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Brazilian Journal of Microbiology

Print version ISSN 1517-8382

Braz. J. Microbiol. vol.44 no.3 São Paulo July/Sept. 2013  Epub Jan 10, 2014

http://dx.doi.org/10.1590/S1517-83822013005000065 

Alternative sanitization methods for minimally processed lettuce in comparison to sodium hypochlorite

 

 

Mara Lígia Biazotto Bachelli; Rívia Darla Álvares Amaral; Benedito Carlos Benedetti

Laboratório de Tecnologia Pós-colheita, Faculdade de Engenharia Agrícola, Universidade Estadual de Campinas, Campinas, SP, Brazil

Correspondence

 

 


ABSTRACT

Lettuce is a leafy vegetable widely used in industry for minimally processed products, in which the step of sanitization is the crucial moment for ensuring a safe food for consumption. Chlorinated compounds, mainly sodium hypochlorite, are the most used in Brazil, but the formation of trihalomethanes from this sanitizer is a drawback. Then, the search for alternative methods to sodium hypochlorite has been emerging as a matter of great interest. The suitability of chlorine dioxide (60 mg L-1/10 min), peracetic acid (100 mg L-1/15 min) and ozonated water (1.2 mg L-1 /1 min) as alternative sanitizers to sodium hypochlorite (150 mg L-1 free chlorine/15 min) were evaluated. Minimally processed lettuce washed with tap water for 1 min was used as a control. Microbiological analyses were performed in triplicate, before and after sanitization, and at 3, 6, 9 and 12 days of storage at 2 ± 1 ºC with the product packaged on LDPE bags of 60 µm. It was evaluated total coliforms, Escherichia coli, Salmonella spp., psicrotrophic and mesophilic bacteria, yeasts and molds. All samples of minimally processed lettuce showed absence of E. coli and Salmonella spp. The treatments of chlorine dioxide, peracetic acid and ozonated water promoted reduction of 2.5, 1.1 and 0.7 log cycle, respectively, on count of microbial load of minimally processed product and can be used as substitutes for sodium hypochlorite. These alternative compounds promoted a shelf-life of six days to minimally processed lettuce, while the shelf-life with sodium hypochlorite was 12 days.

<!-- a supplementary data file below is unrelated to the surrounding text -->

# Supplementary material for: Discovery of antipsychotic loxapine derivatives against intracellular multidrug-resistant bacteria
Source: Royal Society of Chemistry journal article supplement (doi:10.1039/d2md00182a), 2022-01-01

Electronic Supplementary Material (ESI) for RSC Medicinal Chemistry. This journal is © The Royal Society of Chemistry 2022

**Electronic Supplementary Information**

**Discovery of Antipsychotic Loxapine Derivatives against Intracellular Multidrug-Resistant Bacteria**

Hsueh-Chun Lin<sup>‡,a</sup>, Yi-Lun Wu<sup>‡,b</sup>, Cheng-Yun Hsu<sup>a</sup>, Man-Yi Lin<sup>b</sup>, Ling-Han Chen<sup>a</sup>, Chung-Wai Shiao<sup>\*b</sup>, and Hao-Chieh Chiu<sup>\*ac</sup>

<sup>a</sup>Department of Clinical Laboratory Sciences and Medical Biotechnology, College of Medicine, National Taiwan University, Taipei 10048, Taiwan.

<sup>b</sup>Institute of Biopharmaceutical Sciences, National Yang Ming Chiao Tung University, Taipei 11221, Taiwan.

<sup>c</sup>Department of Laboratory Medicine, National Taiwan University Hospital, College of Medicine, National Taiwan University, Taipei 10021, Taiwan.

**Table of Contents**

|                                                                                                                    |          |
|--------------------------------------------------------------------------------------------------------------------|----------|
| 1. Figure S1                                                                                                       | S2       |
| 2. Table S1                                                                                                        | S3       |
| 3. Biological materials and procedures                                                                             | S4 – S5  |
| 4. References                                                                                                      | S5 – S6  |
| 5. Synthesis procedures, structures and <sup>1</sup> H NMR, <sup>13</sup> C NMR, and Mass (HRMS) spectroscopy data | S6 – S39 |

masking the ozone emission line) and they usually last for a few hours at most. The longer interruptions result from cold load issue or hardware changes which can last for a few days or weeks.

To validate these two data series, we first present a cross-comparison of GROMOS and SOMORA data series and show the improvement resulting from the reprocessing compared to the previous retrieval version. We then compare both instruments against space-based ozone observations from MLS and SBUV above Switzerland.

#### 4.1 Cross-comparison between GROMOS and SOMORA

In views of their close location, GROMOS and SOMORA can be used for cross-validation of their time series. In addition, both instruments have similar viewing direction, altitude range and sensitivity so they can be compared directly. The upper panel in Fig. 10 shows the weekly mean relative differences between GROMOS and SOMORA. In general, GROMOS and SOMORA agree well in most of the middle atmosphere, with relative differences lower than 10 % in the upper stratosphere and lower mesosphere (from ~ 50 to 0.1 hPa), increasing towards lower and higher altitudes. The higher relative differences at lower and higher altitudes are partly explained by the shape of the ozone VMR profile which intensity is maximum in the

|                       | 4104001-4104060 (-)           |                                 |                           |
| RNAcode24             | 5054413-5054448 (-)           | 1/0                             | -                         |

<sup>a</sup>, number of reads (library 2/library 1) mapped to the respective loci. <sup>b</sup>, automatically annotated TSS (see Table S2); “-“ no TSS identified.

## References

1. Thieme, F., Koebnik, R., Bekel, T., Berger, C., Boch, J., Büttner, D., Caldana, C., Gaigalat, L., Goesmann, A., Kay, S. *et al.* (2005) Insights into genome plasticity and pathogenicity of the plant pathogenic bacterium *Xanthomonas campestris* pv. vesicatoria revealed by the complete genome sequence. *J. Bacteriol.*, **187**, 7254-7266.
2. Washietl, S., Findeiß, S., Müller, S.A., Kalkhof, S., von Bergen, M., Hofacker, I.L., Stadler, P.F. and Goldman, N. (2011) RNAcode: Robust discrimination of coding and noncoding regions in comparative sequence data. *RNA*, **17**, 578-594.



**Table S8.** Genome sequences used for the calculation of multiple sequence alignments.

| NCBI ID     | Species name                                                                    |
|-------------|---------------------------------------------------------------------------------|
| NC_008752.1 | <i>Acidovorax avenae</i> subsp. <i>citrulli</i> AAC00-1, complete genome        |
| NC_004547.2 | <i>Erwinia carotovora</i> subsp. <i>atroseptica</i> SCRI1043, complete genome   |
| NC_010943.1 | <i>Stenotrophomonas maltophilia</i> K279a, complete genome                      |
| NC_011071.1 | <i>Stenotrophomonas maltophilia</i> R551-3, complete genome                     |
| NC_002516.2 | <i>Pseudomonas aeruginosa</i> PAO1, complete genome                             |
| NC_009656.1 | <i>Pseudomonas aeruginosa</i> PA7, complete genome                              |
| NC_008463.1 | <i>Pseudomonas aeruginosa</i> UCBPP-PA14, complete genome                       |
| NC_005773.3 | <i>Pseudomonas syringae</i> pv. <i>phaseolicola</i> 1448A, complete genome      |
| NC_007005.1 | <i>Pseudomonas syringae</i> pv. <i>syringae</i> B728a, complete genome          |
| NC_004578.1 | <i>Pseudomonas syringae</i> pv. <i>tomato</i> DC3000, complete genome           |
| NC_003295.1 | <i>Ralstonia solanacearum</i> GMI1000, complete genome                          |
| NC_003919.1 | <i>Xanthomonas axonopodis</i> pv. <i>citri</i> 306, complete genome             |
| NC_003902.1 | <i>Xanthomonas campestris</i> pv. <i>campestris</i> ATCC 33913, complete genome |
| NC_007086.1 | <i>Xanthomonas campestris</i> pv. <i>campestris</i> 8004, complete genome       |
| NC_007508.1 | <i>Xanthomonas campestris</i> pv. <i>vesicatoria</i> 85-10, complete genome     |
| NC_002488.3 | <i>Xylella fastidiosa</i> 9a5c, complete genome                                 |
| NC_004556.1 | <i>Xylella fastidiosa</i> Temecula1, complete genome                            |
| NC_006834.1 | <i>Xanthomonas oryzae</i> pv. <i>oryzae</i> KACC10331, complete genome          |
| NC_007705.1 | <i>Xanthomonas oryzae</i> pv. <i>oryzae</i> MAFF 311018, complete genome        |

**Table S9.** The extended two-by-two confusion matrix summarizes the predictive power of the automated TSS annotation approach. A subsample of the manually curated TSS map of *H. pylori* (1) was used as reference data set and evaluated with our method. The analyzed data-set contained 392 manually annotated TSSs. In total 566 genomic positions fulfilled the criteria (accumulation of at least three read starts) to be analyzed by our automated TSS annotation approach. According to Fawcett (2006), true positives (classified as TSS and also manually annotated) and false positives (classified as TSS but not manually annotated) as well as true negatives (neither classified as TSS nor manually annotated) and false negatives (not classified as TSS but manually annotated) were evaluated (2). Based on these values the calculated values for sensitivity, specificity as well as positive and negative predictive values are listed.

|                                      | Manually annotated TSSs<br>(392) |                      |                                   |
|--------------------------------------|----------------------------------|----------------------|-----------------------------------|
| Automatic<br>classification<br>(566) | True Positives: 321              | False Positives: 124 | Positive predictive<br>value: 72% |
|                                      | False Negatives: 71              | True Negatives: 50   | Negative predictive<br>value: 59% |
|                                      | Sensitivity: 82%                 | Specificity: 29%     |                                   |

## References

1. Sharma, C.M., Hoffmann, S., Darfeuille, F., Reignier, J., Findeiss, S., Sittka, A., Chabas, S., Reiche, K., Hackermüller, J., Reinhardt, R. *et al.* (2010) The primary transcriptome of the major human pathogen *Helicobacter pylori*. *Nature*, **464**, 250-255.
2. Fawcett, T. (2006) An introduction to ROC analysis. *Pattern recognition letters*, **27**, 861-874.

Key words: food safety, chlorine dioxide, peracetic acid, ozone, minimal processing.


 

 

Introduction

The market for minimally processed products has increased significantly in recent years and their popularity come mainly from the facility of preparation, which is recently more required because the products have already been washed, cut and cleaned, and also contributes to decrease of generated waste, besides the full use of the purchased product (Berbari et al., 2001). Concern about microbiological risks becomes pronounced, since, in most cases, the minimally processed products are consumed raw on salads and the human manipulation in some steps of the minimal processing operations increase the risk of contamination by spoilage or pathogenic microorganisms.

Various studies showed the contamination of raw products consumed throughout the world, stressing the need for clean products and food establishments avoiding outbreaks of food poisoning (Tancredi et al., 2005). Recently, between May and July of 2011 in Germany, the consumption of sprouts was identified as the most likely vehicle of an outbreak caused by Shiga-toxin producing Escherichia coli. It was reported a total of 3816 cases, including 54 deaths (Frank et al., 2011).